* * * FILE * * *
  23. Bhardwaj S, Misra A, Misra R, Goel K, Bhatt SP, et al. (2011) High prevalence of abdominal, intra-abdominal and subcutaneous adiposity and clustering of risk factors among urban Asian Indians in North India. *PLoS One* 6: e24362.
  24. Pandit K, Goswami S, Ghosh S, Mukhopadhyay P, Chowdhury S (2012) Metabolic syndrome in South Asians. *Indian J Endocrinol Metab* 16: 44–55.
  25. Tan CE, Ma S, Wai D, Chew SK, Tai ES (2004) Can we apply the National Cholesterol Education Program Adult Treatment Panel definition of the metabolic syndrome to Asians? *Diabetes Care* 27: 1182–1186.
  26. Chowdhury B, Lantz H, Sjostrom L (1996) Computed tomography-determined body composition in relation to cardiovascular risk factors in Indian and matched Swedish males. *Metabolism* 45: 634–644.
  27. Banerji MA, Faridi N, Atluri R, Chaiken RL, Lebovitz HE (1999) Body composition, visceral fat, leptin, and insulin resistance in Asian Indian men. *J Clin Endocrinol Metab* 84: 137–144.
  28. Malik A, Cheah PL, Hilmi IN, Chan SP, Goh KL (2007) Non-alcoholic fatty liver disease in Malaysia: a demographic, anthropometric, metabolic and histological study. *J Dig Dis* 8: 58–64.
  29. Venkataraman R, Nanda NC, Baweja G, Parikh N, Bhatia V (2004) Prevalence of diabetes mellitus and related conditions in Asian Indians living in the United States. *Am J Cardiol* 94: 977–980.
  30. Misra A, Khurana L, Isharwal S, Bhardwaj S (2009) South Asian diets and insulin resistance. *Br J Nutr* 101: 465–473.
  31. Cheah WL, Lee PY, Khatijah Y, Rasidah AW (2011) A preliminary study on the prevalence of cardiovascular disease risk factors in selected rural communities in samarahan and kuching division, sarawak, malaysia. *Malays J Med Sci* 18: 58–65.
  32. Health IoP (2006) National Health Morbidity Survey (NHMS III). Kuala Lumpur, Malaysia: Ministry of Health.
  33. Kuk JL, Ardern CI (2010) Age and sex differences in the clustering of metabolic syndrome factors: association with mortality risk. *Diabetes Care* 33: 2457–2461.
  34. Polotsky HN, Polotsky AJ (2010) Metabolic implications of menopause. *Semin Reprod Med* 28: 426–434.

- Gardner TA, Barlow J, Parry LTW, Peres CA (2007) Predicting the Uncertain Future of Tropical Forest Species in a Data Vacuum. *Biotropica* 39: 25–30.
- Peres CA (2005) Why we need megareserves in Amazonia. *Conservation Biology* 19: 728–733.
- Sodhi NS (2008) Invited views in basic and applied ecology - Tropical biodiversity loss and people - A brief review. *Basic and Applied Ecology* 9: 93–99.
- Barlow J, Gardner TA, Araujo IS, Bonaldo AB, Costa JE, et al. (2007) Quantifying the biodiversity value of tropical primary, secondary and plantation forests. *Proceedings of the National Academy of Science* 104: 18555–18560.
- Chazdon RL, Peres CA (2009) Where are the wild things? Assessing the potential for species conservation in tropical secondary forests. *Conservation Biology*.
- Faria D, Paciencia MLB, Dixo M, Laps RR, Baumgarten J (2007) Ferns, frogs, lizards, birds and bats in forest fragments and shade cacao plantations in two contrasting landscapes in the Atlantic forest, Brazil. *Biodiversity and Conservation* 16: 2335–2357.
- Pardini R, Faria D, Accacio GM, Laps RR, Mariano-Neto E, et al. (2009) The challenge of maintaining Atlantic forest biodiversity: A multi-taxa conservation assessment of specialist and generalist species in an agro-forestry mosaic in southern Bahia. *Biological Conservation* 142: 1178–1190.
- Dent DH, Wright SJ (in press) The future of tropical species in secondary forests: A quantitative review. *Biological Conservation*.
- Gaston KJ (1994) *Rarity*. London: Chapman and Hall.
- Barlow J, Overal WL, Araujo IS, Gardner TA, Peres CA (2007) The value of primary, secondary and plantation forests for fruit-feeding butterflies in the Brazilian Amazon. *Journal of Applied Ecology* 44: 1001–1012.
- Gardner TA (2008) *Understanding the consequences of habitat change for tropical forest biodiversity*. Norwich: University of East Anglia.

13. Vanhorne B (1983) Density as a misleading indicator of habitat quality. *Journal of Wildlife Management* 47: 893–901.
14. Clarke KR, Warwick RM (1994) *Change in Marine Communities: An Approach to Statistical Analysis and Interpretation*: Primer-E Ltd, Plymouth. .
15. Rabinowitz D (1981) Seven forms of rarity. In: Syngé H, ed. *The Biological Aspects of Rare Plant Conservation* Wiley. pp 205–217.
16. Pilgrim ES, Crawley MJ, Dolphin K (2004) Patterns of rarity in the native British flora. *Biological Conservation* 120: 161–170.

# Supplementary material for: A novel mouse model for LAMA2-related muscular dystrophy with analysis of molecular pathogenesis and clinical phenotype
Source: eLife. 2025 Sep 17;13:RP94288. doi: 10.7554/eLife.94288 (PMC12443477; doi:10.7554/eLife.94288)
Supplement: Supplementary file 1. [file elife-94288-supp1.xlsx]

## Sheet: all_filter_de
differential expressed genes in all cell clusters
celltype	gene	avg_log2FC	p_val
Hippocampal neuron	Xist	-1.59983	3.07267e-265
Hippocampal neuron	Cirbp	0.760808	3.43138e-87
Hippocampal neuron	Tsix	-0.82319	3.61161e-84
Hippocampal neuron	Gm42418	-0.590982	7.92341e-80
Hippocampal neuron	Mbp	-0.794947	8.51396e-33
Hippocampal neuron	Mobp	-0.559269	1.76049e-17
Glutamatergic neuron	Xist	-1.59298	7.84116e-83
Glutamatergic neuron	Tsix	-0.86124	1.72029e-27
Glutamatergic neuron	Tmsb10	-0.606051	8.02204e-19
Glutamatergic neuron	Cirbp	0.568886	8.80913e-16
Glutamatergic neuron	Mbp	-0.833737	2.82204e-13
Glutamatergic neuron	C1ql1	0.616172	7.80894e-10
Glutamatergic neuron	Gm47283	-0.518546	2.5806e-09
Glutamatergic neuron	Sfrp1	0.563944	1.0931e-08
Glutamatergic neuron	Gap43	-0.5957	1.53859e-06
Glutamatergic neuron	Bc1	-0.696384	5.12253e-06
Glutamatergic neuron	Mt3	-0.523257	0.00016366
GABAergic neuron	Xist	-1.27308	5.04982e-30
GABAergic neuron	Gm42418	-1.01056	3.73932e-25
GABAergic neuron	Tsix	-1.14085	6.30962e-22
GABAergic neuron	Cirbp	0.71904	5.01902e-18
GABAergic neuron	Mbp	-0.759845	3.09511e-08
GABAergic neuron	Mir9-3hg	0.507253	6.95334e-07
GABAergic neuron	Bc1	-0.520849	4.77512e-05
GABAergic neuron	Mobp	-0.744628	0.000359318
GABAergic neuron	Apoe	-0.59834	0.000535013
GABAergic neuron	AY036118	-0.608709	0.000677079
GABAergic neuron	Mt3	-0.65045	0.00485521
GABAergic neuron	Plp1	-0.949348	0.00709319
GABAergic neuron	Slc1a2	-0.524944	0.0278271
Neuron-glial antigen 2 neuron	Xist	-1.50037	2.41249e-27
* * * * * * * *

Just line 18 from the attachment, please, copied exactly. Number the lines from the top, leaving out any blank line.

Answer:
- Faria D, Paciencia MLB, Dixo M, Laps RR, Baumgarten J (2007) Ferns, frogs, lizards, birds and bats in forest fragments and shade cacao plantations in two contrasting landscapes in the Atlantic forest, Brazil. *Biodiversity and Conservation* 16: 2335–2357.